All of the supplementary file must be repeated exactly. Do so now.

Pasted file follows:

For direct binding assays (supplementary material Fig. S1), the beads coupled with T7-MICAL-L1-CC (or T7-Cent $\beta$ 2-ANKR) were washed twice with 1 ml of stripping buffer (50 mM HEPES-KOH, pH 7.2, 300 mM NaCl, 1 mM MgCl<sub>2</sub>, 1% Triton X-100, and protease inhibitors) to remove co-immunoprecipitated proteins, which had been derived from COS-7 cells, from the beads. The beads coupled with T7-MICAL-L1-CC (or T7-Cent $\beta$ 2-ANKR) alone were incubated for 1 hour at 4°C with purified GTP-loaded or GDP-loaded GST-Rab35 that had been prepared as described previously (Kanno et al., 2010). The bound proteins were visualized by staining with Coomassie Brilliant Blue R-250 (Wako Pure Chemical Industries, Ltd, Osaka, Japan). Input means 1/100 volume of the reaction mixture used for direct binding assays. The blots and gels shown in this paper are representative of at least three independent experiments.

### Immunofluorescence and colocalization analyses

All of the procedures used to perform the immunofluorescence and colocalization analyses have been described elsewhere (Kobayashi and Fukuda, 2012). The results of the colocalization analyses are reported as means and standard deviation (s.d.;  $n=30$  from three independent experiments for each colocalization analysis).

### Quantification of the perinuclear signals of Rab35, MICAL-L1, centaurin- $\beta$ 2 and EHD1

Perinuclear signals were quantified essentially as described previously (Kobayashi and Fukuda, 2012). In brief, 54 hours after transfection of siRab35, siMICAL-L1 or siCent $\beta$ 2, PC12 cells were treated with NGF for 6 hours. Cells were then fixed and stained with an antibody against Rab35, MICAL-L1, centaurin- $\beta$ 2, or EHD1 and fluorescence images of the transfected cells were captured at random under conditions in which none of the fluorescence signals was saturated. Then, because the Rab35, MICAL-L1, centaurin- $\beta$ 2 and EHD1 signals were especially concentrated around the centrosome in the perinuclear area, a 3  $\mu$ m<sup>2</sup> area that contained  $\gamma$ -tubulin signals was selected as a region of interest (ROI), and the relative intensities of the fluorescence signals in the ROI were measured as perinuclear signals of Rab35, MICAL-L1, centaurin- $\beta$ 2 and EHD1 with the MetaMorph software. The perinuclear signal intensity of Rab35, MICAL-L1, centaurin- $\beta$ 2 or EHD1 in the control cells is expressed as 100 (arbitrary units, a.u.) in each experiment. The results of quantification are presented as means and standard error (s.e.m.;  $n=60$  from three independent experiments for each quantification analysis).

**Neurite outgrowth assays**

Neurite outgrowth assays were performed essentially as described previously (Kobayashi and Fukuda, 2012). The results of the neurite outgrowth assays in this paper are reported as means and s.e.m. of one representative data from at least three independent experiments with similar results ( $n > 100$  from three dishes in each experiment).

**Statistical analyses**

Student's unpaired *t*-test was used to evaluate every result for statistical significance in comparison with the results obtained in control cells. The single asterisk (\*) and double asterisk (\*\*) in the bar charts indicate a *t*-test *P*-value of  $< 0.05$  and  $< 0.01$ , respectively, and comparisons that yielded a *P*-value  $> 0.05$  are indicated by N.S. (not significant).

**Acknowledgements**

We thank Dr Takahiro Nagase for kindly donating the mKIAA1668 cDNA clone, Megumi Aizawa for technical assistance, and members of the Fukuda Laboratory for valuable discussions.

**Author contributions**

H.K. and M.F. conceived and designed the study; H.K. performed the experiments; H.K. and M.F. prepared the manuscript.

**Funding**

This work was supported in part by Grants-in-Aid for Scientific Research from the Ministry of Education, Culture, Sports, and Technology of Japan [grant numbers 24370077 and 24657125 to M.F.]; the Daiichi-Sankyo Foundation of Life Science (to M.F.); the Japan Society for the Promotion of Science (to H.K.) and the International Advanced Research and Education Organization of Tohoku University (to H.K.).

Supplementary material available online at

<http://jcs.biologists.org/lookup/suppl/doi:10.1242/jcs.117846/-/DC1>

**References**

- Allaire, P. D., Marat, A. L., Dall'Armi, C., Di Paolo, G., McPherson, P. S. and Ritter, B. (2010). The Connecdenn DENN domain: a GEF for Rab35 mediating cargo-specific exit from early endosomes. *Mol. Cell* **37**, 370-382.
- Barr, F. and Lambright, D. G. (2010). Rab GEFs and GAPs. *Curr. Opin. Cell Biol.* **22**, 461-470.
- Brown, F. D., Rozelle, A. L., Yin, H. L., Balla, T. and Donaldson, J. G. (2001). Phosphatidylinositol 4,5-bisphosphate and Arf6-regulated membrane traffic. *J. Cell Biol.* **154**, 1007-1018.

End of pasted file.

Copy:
For direct binding assays (supplementary material Fig. S1), the beads coupled with T7-MICAL-L1-CC (or T7-Cent $\beta$ 2-ANKR) were washed twice with 1 ml of stripping buffer (50 mM HEPES-KOH, pH 7.2, 300 mM NaCl, 1 mM MgCl<sub>2</sub>, 1% Triton X-100, and protease inhibitors) to remove co-immunoprecipitated proteins, which had been derived from COS-7 cells, from the beads. The beads coupled with T7-MICAL-L1-CC (or T7-Cent $\beta$ 2-ANKR) alone were incubated for 1 hour at 4°C with purified GTP-loaded or GDP-loaded GST-Rab35 that had been prepared as described previously (Kanno et al., 2010). The bound proteins were visualized by staining with Coomassie Brilliant Blue R-250 (Wako Pure Chemical Industries, Ltd, Osaka, Japan). Input means 1/100 volume of the reaction mixture used for direct binding assays. The blots and gels shown in this paper are representative of at least three independent experiments.

### Immunofluorescence and colocalization analyses

All of the procedures used to perform the immunofluorescence and colocalization analyses have been described elsewhere (Kobayashi and Fukuda, 2012). The results of the colocalization analyses are reported as means and standard deviation (s.d.;  $n=30$  from three independent experiments for each colocalization analysis).

### Quantification of the perinuclear signals of Rab35, MICAL-L1, centaurin- $\beta$ 2 and EHD1

Perinuclear signals were quantified essentially as described previously (Kobayashi and Fukuda, 2012). In brief, 54 hours after transfection of siRab35, siMICAL-L1 or siCent $\beta$ 2, PC12 cells were treated with NGF for 6 hours. Cells were then fixed and stained with an antibody against Rab35, MICAL-L1, centaurin- $\beta$ 2, or EHD1 and fluorescence images of the transfected cells were captured at random under conditions in which none of the fluorescence signals was saturated. Then, because the Rab35, MICAL-L1, centaurin- $\beta$ 2 and EHD1 signals were especially concentrated around the centrosome in the perinuclear area, a 3  $\mu$ m<sup>2</sup> area that contained  $\gamma$ -tubulin signals was selected as a region of interest (ROI), and the relative intensities of the fluorescence signals in the ROI were measured as perinuclear signals of Rab35, MICAL-L1, centaurin- $\beta$ 2 and EHD1 with the MetaMorph software. The perinuclear signal intensity of Rab35, MICAL-L1, centaurin- $\beta$ 2 or EHD1 in the control cells is expressed as 100 (arbitrary units, a.u.) in each experiment. The results of quantification are presented as means and standard error (s.e.m.;  $n=60$  from three independent experiments for each quantification analysis).

**Neurite outgrowth assays**

Neurite outgrowth assays were performed essentially as described previously (Kobayashi and Fukuda, 2012). The results of the neurite outgrowth assays in this paper are reported as means and s.e.m. of one representative data from at least three independent experiments with similar results ( $n > 100$  from three dishes in each experiment).

**Statistical analyses**

Student's unpaired *t*-test was used to evaluate every result for statistical significance in comparison with the results obtained in control cells. The single asterisk (\*) and double asterisk (\*\*) in the bar charts indicate a *t*-test *P*-value of  $< 0.05$  and  $< 0.01$ , respectively, and comparisons that yielded a *P*-value  $> 0.05$  are indicated by N.S. (not significant).

**Acknowledgements**

We thank Dr Takahiro Nagase for kindly donating the mKIAA1668 cDNA clone, Megumi Aizawa for technical assistance, and members of the Fukuda Laboratory for valuable discussions.

**Author contributions**

H.K. and M.F. conceived and designed the study; H.K. performed the experiments; H.K. and M.F. prepared the manuscript.

**Funding**

This work was supported in part by Grants-in-Aid for Scientific Research from the Ministry of Education, Culture, Sports, and Technology of Japan [grant numbers 24370077 and 24657125 to M.F.]; the Daiichi-Sankyo Foundation of Life Science (to M.F.); the Japan Society for the Promotion of Science (to H.K.) and the International Advanced Research and Education Organization of Tohoku University (to H.K.).

Supplementary material available online at

<http://jcs.biologists.org/lookup/suppl/doi:10.1242/jcs.117846/-/DC1>

**References**

- Allaire, P. D., Marat, A. L., Dall'Armi, C., Di Paolo, G., McPherson, P. S. and Ritter, B. (2010). The Connecdenn DENN domain: a GEF for Rab35 mediating cargo-specific exit from early endosomes. *Mol. Cell* **37**, 370-382.
- Barr, F. and Lambright, D. G. (2010). Rab GEFs and GAPs. *Curr. Opin. Cell Biol.* **22**, 461-470.
- Brown, F. D., Rozelle, A. L., Yin, H. L., Balla, T. and Donaldson, J. G. (2001). Phosphatidylinositol 4,5-bisphosphate and Arf6-regulated membrane traffic. *J. Cell Biol.* **154**, 1007-1018.